Here’s a good news-bad news story for retailers this holiday season. U.S. households are paying down household debt at a record pace. But we’re still at least a year away from consumers resuming their free-spending ways.
Economist Asha Bangalore of Chicago’s Northern Trust Bank reported this week that homeowners knocked nearly a half trillion dollars or nearly five percent off their outstanding mortgage debt in the past two years. Credit card holders paid down $157 billion or better than six percent of their outstanding bills.
But total indebtedness for households remains extremely high by historical standards. Total debt nearly equaled a full year’s gross domestic product on the eve of the Great Recession, and is still above 90 percent – twice as high as it was in the early 1980s when America began its quarter-century-long, credit-fueled splurge at the mall.
Henry Blodget, the former stock touter turned financial journalist, suggested this morning at the Business Insider that the “deleveraging” process still has a long way to go. “What consumers spend on debt repayment, they can't spend on stuff,” he wrote. “So if this deleveraging continues – which it must, if consumers are ever to return to a normal level of indebtedness – the repayment process will keep a lid on consumer spending for the foreseeable future.”
Is debt-reduction-fueled austerity the new normal? Moody’s Analytics’ Mark Zandi thinks the pessimistic view is focused on the wrong variable. Rather than total debt, what matters more is how much personal income is devoted to paying debts. And there, households are already fairly well down the road toward fiscal solvency.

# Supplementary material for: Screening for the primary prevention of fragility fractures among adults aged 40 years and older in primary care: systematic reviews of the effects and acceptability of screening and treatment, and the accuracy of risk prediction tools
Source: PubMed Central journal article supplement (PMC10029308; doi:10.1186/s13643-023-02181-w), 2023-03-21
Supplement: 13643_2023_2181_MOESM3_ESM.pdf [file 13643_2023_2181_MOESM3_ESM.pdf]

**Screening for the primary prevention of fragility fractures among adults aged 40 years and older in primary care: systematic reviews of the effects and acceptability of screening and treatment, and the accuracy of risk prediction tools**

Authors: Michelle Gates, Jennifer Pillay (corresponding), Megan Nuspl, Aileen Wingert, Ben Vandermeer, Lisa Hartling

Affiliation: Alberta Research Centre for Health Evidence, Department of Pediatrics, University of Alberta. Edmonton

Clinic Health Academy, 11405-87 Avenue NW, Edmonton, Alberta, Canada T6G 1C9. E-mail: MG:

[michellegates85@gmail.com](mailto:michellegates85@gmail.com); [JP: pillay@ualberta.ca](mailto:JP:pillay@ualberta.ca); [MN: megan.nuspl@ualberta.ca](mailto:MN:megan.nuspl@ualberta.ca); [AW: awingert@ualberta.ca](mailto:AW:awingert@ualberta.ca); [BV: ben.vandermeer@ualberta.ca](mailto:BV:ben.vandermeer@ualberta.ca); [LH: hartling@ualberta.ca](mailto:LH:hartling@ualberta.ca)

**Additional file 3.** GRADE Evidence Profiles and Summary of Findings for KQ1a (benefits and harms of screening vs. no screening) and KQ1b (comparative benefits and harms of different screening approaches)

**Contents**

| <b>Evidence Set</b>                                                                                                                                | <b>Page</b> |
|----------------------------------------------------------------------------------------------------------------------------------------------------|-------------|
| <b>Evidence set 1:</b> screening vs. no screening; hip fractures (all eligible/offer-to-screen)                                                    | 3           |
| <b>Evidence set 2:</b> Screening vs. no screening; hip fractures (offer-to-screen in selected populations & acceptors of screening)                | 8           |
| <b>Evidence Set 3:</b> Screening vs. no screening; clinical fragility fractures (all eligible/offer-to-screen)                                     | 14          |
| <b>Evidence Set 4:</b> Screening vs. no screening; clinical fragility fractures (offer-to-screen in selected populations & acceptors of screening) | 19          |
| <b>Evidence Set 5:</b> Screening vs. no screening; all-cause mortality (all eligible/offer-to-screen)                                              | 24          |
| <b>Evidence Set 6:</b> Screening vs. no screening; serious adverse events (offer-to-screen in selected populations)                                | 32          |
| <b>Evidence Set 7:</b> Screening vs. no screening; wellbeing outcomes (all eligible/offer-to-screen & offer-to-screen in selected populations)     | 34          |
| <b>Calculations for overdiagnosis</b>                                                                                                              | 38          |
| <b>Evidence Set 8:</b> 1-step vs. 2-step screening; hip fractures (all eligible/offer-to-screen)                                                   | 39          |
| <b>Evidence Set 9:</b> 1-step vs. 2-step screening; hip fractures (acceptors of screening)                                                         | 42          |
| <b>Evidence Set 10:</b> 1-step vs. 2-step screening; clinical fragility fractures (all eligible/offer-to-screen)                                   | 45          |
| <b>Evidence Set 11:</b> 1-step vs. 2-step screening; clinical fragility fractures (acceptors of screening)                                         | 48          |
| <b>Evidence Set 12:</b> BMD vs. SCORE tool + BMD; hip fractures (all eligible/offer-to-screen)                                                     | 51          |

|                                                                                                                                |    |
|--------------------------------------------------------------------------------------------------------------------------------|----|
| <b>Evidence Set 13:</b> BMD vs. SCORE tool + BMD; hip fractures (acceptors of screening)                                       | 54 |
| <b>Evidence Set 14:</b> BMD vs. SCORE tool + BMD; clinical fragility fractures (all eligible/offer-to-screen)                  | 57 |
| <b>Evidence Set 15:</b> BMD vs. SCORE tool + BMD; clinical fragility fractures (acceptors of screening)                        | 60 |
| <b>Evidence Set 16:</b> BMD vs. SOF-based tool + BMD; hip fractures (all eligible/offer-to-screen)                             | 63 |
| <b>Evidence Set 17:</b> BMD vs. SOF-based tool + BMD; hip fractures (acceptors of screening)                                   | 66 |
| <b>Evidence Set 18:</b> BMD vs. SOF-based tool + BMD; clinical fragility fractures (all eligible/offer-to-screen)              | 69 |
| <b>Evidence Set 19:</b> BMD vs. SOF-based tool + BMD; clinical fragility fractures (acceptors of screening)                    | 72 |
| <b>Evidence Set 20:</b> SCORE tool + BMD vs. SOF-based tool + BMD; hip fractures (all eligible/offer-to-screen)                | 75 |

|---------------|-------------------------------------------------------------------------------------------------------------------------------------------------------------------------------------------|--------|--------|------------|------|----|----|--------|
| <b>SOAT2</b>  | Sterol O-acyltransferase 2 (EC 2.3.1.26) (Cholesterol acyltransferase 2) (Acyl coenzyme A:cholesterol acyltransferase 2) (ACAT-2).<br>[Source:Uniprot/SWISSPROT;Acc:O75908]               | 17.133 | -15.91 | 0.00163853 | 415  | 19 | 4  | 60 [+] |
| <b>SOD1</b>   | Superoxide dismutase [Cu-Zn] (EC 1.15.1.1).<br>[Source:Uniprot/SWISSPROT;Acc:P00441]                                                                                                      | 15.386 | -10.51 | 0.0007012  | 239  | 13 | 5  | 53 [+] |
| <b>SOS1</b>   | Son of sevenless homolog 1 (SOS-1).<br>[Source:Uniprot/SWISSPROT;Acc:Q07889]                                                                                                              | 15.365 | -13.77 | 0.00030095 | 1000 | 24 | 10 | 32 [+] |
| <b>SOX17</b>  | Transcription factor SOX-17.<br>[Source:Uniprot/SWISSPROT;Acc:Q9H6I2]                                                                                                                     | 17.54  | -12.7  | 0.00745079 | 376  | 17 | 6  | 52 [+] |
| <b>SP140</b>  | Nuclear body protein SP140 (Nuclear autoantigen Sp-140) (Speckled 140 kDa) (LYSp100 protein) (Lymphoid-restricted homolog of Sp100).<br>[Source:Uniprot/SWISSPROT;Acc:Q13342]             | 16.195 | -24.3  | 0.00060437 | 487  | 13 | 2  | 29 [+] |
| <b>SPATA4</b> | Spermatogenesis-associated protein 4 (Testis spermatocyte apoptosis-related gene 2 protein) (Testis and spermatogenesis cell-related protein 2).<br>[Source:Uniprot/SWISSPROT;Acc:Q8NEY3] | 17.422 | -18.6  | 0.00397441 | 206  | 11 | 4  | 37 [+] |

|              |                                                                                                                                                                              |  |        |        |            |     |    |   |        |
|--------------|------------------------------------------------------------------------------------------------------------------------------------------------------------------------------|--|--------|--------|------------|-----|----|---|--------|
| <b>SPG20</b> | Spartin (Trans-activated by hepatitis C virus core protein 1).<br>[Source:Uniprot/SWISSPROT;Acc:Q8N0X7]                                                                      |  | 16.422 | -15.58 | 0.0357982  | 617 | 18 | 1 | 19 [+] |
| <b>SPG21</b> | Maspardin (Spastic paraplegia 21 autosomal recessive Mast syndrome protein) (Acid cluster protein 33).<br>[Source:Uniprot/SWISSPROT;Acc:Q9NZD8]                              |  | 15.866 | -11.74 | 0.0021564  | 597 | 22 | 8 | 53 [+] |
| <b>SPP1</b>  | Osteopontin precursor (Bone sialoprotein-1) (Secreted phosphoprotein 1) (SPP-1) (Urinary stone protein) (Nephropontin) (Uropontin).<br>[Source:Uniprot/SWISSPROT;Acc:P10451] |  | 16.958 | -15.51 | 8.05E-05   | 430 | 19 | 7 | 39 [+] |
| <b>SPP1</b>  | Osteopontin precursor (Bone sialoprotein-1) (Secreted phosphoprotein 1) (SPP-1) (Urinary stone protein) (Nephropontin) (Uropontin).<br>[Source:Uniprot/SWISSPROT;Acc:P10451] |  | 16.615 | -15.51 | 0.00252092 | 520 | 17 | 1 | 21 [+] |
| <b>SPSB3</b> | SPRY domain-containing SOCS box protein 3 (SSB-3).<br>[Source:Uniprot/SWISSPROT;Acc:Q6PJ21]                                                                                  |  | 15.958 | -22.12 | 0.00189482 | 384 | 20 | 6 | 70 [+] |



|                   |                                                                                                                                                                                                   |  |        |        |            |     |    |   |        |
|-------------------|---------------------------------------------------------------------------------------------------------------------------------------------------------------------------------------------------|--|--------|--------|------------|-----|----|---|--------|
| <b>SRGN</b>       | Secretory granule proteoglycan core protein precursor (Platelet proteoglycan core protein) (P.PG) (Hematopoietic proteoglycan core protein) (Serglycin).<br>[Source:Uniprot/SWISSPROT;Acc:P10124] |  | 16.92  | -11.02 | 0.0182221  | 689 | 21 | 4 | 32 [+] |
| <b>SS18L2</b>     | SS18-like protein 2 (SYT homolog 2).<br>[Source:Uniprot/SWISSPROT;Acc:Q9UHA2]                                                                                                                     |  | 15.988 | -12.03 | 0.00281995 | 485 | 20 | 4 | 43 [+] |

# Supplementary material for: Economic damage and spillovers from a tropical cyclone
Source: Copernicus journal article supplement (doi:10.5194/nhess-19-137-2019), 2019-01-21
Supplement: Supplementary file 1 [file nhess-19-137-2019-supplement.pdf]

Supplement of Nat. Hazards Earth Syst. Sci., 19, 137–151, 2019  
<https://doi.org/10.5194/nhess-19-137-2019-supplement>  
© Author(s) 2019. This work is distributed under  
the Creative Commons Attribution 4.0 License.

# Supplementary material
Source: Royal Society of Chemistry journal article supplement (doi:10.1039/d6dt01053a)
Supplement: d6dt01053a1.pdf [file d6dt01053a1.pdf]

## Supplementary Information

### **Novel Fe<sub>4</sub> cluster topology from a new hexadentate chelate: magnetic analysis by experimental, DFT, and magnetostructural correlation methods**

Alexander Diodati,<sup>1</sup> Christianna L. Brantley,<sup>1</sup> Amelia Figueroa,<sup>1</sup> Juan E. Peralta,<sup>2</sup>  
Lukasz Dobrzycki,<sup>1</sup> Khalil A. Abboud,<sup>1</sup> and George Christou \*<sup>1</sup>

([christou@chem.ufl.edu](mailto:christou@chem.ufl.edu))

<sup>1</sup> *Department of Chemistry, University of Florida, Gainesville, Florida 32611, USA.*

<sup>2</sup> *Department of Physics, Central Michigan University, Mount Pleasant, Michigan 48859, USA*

Debt service as a percent of household income fell from 14 percent on the eve of the Great Recession to 12 percent in the second quarter of this year, about where it was during the last recession. “At the current rate of deleveraging and interest rates, debt service will be back to early 1990s lows by this time next year,” Zandi wrote in a recent report.
In fact, Moody’s is projecting economic growth to reach 4 percent in 2012 due to rejuvenated consumer spending, not the 3 percent predicted by most economists. “The household as consumer will be in a position a year from now where there will be far less debt overhang and more ability to spend as opposed to just paying principle and interest,” Edward Friedman, an economist at Moody’s, said in a telephone interview last week. “That’s definitely a piece of our forecast and one of the reasons we see 2012 as stronger than the consensus.”